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The Complex Answer to 'What Does Depression Feel Like?'


This question comes up a lot. Doctors and psychiatrists, as well as friends and family, want to know what depression feels like. I never really know what to tell them. The answer would need to be updated hourly, at least for me, because that is how often my mood seems to change.

The other day I decided to take a stab at it and try my best to explain what my depression felt like, that day, and this is what I came up with.

Today my depression feels like I can’t breathe or think or eat, but lying in bed might be all right.

Today it feels like even though I had a nice day, I am now in bed and thinking of how it feels like no amount of good days can make this worth it

Today it feels like this is never going to end and no medication or treatment could possibly ever help.

Today feels like rain because the severity of my depression seems to change with the weather.

Today feels like I want to throw away all my meds or just take them all, and I really can’t decide which.

Today feels like I am alone and no one could possibly understand this feeling, so I won’t talk about it.

This, is how my depression feels today.

Had you asked me that same question three hours ago, I would have told you how my depression was this morning, and this would have been the answer:

This morning, my depression is manageable.

This morning, I ate breakfast.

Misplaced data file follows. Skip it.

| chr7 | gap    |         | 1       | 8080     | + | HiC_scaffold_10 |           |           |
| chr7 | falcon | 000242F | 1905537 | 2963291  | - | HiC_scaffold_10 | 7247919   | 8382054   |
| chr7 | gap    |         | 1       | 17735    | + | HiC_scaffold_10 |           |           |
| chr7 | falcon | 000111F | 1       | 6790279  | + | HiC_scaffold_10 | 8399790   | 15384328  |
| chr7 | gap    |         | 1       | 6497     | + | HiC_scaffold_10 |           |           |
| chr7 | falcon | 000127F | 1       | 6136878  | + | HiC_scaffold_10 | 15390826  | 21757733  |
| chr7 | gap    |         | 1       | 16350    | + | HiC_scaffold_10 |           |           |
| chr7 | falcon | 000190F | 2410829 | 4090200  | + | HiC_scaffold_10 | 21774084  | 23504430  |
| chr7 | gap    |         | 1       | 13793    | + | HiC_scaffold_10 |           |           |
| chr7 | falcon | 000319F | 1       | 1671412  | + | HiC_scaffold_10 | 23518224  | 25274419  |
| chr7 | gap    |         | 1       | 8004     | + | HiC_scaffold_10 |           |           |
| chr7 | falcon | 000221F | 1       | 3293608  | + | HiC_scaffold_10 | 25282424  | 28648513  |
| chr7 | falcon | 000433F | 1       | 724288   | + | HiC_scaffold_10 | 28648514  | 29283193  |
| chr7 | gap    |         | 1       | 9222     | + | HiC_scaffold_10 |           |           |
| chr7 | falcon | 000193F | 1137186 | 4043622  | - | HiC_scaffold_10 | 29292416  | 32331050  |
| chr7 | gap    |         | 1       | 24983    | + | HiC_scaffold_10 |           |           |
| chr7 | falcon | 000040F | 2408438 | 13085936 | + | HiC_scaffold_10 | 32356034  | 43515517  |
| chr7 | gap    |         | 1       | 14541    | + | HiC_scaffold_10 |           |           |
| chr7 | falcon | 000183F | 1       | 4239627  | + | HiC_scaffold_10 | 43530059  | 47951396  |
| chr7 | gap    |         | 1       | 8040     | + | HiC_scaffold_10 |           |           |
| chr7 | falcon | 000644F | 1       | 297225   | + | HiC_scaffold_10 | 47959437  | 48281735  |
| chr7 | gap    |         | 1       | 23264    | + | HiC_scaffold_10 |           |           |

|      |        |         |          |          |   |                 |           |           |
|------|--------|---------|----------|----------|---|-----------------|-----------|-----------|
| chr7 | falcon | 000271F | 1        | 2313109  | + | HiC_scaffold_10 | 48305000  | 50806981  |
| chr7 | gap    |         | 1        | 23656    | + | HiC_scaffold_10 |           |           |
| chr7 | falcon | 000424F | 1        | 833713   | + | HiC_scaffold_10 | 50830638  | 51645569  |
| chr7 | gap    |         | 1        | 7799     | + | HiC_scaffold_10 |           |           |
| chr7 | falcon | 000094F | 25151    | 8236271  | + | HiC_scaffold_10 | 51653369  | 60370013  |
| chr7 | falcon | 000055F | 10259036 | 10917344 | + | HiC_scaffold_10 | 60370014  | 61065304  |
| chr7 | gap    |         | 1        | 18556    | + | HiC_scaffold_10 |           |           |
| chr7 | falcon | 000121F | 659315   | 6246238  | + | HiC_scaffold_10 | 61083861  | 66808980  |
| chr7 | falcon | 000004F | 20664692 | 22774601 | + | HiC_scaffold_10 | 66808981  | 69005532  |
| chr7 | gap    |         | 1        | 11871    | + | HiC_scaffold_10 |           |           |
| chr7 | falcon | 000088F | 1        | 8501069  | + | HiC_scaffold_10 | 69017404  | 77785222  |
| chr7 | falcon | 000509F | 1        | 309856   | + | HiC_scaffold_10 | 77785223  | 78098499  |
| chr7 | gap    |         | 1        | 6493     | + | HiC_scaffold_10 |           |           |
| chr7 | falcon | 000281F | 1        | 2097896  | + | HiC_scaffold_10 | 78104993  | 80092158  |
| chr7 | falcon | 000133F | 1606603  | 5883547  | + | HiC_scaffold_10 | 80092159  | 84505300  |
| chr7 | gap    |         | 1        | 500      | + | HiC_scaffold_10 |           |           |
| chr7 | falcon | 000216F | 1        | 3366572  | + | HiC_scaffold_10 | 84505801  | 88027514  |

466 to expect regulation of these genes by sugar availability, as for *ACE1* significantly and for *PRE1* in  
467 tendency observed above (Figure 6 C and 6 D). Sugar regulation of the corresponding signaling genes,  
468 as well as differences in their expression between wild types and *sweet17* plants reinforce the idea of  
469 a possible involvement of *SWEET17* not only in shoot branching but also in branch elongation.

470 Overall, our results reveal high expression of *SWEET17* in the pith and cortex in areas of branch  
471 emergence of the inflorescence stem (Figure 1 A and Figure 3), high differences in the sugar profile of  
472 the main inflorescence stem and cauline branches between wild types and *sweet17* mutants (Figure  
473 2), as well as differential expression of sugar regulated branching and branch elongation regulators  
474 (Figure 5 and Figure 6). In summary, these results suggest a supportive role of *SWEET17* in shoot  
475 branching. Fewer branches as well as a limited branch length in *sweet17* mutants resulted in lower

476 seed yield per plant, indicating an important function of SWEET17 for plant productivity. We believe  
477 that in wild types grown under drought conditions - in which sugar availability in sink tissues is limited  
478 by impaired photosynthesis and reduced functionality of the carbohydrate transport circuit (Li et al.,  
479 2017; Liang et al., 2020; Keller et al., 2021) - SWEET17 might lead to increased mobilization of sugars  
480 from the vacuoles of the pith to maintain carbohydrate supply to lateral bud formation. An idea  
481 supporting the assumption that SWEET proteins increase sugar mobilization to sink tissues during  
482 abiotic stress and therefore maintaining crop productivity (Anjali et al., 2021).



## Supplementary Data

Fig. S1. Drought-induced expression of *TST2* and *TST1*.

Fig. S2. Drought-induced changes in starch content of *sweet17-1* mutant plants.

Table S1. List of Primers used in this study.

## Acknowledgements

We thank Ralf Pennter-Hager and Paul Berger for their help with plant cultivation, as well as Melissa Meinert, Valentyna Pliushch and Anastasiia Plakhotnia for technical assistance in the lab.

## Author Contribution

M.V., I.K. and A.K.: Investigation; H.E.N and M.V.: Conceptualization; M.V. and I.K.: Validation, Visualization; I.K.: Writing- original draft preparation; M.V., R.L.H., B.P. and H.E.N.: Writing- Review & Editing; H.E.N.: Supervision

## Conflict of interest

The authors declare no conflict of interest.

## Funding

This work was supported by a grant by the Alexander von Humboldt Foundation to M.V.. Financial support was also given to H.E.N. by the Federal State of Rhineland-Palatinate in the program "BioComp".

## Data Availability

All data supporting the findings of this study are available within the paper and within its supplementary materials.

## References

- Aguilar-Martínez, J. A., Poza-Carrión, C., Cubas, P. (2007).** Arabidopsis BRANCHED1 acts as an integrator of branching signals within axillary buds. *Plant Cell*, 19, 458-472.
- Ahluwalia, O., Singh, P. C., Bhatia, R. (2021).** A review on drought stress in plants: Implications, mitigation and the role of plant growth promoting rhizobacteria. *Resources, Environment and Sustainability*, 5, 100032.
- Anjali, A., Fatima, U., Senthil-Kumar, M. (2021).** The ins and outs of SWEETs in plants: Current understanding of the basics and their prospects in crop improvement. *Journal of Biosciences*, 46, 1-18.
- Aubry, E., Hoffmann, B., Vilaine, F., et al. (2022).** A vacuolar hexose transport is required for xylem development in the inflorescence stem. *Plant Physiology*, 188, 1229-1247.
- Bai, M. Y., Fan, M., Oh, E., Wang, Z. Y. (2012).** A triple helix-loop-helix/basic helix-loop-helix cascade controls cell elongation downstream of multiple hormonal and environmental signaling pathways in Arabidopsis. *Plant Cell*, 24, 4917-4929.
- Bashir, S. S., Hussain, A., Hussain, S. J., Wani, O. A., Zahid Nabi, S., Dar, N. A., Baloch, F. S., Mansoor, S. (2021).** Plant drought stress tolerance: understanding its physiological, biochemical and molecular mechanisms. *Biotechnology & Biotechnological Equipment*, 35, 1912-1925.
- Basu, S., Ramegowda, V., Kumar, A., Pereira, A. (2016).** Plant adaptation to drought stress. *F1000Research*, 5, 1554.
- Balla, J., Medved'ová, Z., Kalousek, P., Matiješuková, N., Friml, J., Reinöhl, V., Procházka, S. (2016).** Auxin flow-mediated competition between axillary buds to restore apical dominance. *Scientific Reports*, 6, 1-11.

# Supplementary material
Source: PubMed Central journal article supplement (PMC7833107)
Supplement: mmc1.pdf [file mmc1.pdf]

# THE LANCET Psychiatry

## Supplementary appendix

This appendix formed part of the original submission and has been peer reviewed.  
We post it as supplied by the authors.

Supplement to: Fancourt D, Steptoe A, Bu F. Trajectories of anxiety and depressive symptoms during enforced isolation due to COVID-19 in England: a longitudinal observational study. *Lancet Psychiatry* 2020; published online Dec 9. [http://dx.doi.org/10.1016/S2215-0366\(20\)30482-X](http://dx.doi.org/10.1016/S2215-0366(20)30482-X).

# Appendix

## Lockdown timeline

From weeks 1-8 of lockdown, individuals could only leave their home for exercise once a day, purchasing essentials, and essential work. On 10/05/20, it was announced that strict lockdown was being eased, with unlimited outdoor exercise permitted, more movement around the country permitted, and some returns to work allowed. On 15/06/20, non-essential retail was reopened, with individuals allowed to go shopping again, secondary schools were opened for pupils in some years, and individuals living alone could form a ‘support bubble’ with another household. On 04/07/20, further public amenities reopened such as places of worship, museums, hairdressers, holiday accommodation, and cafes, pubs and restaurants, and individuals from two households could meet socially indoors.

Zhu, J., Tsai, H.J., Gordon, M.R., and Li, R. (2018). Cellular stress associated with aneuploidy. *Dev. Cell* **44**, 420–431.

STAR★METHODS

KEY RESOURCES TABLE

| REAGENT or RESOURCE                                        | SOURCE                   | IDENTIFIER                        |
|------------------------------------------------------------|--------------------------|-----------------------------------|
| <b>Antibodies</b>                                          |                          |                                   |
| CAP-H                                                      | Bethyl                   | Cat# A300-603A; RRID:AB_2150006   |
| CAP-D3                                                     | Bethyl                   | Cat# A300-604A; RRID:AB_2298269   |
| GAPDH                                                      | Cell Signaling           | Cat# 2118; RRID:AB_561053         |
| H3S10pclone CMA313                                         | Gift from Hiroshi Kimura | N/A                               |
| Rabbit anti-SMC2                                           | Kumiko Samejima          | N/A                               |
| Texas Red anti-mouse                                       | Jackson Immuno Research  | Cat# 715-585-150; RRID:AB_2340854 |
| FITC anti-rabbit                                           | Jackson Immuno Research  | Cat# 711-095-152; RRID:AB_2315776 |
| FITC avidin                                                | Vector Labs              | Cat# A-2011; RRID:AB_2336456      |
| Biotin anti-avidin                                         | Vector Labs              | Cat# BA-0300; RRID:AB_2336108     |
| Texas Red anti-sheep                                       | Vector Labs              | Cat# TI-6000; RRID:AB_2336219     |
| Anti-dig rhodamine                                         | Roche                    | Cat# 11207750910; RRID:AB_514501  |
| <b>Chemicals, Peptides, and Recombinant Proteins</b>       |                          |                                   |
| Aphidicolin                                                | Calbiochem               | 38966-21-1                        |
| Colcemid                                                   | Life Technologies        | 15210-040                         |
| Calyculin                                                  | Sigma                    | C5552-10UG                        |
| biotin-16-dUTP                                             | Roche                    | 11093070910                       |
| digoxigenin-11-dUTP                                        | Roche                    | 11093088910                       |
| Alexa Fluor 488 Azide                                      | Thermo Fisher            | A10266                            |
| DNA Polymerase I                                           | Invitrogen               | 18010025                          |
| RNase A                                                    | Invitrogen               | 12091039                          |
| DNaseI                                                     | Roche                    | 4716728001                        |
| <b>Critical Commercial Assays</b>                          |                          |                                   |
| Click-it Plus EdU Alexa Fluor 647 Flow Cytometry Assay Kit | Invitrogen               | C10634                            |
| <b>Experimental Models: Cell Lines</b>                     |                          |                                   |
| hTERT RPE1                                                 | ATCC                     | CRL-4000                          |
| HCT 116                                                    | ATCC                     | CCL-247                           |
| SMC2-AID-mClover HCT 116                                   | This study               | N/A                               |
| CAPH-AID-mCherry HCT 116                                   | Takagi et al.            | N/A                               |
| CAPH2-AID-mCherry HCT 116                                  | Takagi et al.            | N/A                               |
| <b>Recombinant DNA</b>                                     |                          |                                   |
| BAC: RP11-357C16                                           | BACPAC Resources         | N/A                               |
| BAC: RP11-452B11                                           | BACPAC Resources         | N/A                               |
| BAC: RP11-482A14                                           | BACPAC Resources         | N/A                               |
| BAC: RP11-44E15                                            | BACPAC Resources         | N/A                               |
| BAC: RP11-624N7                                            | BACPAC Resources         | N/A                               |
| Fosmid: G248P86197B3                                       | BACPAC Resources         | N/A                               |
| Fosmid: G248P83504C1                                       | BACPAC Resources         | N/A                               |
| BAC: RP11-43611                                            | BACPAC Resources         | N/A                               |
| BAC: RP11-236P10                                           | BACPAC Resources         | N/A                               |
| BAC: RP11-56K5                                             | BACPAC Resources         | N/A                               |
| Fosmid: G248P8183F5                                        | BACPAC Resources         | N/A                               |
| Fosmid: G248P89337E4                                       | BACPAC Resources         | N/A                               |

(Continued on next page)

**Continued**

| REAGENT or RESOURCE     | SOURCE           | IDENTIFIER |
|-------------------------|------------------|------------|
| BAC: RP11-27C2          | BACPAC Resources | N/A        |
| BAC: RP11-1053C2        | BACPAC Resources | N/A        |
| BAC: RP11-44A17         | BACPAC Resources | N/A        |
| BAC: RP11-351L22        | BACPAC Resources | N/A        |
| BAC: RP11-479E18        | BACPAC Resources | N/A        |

This morning, I smiled on my way out the door and took a 40-minute nature walk on my way to work.

This morning, I felt light, like I didn’t have too much to think about.

This morning, for a brief moment, I forgot I have depression.

That is the answer to what depression feels like — a constant roller coaster of feelings that changes so fast it is almost impossible to keep track of.

What this has taught me is that there is almost zero relationship between the things that happen in a day and my mood.

I often get told I should be happy because I had a good day.

Unfortunately, this does not mean a good night. Or a good next day. Or even a good next five minutes.

I can have bad things happen and deal with them as anyone else who is not depressed would, and move on with my day.

I can have an amazing day and feel like it was the hardest day of my life by the end of it.

Moments and feelings are not always related. My depression is too smart to only attack when something bad happens. This means I need to accept the fact that I am stuck on this roller coaster and to remember every fall is followed by a rise back up.

If you or someone you know needs help, see our suicide prevention resources.

If you need support right now, call the Suicide Prevention Lifeline at 1-800-273-8255.


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